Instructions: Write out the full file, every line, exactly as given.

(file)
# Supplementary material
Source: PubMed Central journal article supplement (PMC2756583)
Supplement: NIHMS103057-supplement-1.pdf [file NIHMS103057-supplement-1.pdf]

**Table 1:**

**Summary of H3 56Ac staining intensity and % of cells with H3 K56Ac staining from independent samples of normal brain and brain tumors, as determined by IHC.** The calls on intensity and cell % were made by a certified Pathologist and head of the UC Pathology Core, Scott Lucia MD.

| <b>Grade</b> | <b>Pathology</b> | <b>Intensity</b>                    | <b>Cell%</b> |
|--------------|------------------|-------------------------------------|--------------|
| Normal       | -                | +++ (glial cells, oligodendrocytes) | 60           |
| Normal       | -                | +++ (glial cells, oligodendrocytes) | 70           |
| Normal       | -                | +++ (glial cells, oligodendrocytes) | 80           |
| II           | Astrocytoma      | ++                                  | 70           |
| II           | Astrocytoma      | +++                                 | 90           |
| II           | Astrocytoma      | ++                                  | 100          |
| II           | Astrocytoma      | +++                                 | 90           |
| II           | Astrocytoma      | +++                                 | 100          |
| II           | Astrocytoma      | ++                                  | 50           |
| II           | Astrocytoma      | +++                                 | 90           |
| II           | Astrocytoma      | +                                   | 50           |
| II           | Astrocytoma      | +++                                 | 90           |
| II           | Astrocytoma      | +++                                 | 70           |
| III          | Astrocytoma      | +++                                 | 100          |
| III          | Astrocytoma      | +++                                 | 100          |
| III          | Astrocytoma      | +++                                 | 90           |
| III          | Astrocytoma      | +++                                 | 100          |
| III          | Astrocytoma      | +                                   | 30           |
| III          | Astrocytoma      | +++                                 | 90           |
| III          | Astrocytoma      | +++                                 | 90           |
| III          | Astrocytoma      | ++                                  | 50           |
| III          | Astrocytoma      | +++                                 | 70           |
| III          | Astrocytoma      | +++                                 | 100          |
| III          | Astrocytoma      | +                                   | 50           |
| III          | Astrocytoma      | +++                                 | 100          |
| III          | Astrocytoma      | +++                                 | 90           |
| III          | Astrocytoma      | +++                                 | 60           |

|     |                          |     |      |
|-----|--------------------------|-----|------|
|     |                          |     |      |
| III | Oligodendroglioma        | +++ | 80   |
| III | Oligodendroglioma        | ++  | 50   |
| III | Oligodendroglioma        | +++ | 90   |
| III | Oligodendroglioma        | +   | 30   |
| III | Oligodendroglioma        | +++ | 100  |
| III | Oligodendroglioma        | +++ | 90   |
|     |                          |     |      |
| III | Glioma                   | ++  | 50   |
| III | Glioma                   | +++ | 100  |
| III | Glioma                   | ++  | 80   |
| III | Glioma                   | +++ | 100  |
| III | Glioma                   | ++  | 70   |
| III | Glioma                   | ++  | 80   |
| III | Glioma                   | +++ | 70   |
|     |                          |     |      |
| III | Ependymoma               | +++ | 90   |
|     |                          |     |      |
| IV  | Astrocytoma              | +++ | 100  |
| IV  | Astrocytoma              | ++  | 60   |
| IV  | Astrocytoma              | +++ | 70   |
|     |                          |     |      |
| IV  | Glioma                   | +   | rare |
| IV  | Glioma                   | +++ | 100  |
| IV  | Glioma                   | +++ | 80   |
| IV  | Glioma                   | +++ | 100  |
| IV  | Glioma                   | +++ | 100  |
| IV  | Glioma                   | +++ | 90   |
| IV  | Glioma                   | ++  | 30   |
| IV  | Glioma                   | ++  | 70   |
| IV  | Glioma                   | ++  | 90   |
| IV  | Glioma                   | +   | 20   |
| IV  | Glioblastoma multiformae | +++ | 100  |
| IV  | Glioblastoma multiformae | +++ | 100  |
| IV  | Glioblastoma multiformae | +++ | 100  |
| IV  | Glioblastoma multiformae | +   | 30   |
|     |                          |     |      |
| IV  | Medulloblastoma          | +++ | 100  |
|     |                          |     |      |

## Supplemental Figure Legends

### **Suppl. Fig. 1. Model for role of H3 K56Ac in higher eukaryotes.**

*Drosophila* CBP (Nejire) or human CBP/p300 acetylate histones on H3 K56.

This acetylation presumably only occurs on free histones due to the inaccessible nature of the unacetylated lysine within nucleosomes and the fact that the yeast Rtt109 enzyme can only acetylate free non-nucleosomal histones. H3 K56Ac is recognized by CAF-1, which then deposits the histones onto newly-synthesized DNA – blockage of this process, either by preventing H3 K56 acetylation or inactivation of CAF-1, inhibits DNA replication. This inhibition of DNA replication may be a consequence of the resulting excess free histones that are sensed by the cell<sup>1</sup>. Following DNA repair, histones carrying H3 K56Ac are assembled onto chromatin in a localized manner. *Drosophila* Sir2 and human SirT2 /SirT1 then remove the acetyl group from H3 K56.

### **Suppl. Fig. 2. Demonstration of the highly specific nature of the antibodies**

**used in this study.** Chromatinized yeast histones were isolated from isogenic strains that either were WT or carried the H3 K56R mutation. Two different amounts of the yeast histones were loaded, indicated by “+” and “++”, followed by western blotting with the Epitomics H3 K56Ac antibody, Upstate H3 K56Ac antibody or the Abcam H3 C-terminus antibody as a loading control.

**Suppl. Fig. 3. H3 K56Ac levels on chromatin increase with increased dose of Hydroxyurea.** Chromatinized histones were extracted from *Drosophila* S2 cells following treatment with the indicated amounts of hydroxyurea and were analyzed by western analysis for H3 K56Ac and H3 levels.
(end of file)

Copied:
# Supplementary material
Source: PubMed Central journal article supplement (PMC2756583)
Supplement: NIHMS103057-supplement-1.pdf [file NIHMS103057-supplement-1.pdf]

**Table 1:**

**Summary of H3 56Ac staining intensity and % of cells with H3 K56Ac staining from independent samples of normal brain and brain tumors, as determined by IHC.** The calls on intensity and cell % were made by a certified Pathologist and head of the UC Pathology Core, Scott Lucia MD.

| <b>Grade</b> | <b>Pathology</b> | <b>Intensity</b>                    | <b>Cell%</b> |
|--------------|------------------|-------------------------------------|--------------|
| Normal       | -                | +++ (glial cells, oligodendrocytes) | 60           |
| Normal       | -                | +++ (glial cells, oligodendrocytes) | 70           |
| Normal       | -                | +++ (glial cells, oligodendrocytes) | 80           |
| II           | Astrocytoma      | ++                                  | 70           |
| II           | Astrocytoma      | +++                                 | 90           |
| II           | Astrocytoma      | ++                                  | 100          |
| II           | Astrocytoma      | +++                                 | 90           |
| II           | Astrocytoma      | +++                                 | 100          |
| II           | Astrocytoma      | ++                                  | 50           |
| II           | Astrocytoma      | +++                                 | 90           |
| II           | Astrocytoma      | +                                   | 50           |
| II           | Astrocytoma      | +++                                 | 90           |
| II           | Astrocytoma      | +++                                 | 70           |
| III          | Astrocytoma      | +++                                 | 100          |
| III          | Astrocytoma      | +++                                 | 100          |
| III          | Astrocytoma      | +++                                 | 90           |
| III          | Astrocytoma      | +++                                 | 100          |
| III          | Astrocytoma      | +                                   | 30           |
| III          | Astrocytoma      | +++                                 | 90           |
| III          | Astrocytoma      | +++                                 | 90           |
| III          | Astrocytoma      | ++                                  | 50           |
| III          | Astrocytoma      | +++                                 | 70           |
| III          | Astrocytoma      | +++                                 | 100          |
| III          | Astrocytoma      | +                                   | 50           |
| III          | Astrocytoma      | +++                                 | 100          |
| III          | Astrocytoma      | +++                                 | 90           |
| III          | Astrocytoma      | +++                                 | 60           |

|     |                          |     |      |
|-----|--------------------------|-----|------|
|     |                          |     |      |
| III | Oligodendroglioma        | +++ | 80   |
| III | Oligodendroglioma        | ++  | 50   |
| III | Oligodendroglioma        | +++ | 90   |
| III | Oligodendroglioma        | +   | 30   |
| III | Oligodendroglioma        | +++ | 100  |
| III | Oligodendroglioma        | +++ | 90   |
|     |                          |     |      |
| III | Glioma                   | ++  | 50   |
| III | Glioma                   | +++ | 100  |
| III | Glioma                   | ++  | 80   |
| III | Glioma                   | +++ | 100  |
| III | Glioma                   | ++  | 70   |
| III | Glioma                   | ++  | 80   |
| III | Glioma                   | +++ | 70   |
|     |                          |     |      |
| III | Ependymoma               | +++ | 90   |
|     |                          |     |      |
| IV  | Astrocytoma              | +++ | 100  |
| IV  | Astrocytoma              | ++  | 60   |
| IV  | Astrocytoma              | +++ | 70   |
|     |                          |     |      |
| IV  | Glioma                   | +   | rare |
| IV  | Glioma                   | +++ | 100  |
| IV  | Glioma                   | +++ | 80   |
| IV  | Glioma                   | +++ | 100  |
| IV  | Glioma                   | +++ | 100  |
| IV  | Glioma                   | +++ | 90   |
| IV  | Glioma                   | ++  | 30   |
| IV  | Glioma                   | ++  | 70   |
| IV  | Glioma                   | ++  | 90   |
| IV  | Glioma                   | +   | 20   |
| IV  | Glioblastoma multiformae | +++ | 100  |
| IV  | Glioblastoma multiformae | +++ | 100  |
| IV  | Glioblastoma multiformae | +++ | 100  |
| IV  | Glioblastoma multiformae | +   | 30   |
|     |                          |     |      |
| IV  | Medulloblastoma          | +++ | 100  |
|     |                          |     |      |

## Supplemental Figure Legends

### **Suppl. Fig. 1. Model for role of H3 K56Ac in higher eukaryotes.**

*Drosophila* CBP (Nejire) or human CBP/p300 acetylate histones on H3 K56.

This acetylation presumably only occurs on free histones due to the inaccessible nature of the unacetylated lysine within nucleosomes and the fact that the yeast Rtt109 enzyme can only acetylate free non-nucleosomal histones. H3 K56Ac is recognized by CAF-1, which then deposits the histones onto newly-synthesized DNA – blockage of this process, either by preventing H3 K56 acetylation or inactivation of CAF-1, inhibits DNA replication. This inhibition of DNA replication may be a consequence of the resulting excess free histones that are sensed by the cell<sup>1</sup>. Following DNA repair, histones carrying H3 K56Ac are assembled onto chromatin in a localized manner. *Drosophila* Sir2 and human SirT2 /SirT1 then remove the acetyl group from H3 K56.

### **Suppl. Fig. 2. Demonstration of the highly specific nature of the antibodies**

**used in this study.** Chromatinized yeast histones were isolated from isogenic strains that either were WT or carried the H3 K56R mutation. Two different amounts of the yeast histones were loaded, indicated by “+” and “++”, followed by western blotting with the Epitomics H3 K56Ac antibody, Upstate H3 K56Ac antibody or the Abcam H3 C-terminus antibody as a loading control.

**Suppl. Fig. 3. H3 K56Ac levels on chromatin increase with increased dose of Hydroxyurea.** Chromatinized histones were extracted from *Drosophila* S2 cells following treatment with the indicated amounts of hydroxyurea and were analyzed by western analysis for H3 K56Ac and H3 levels.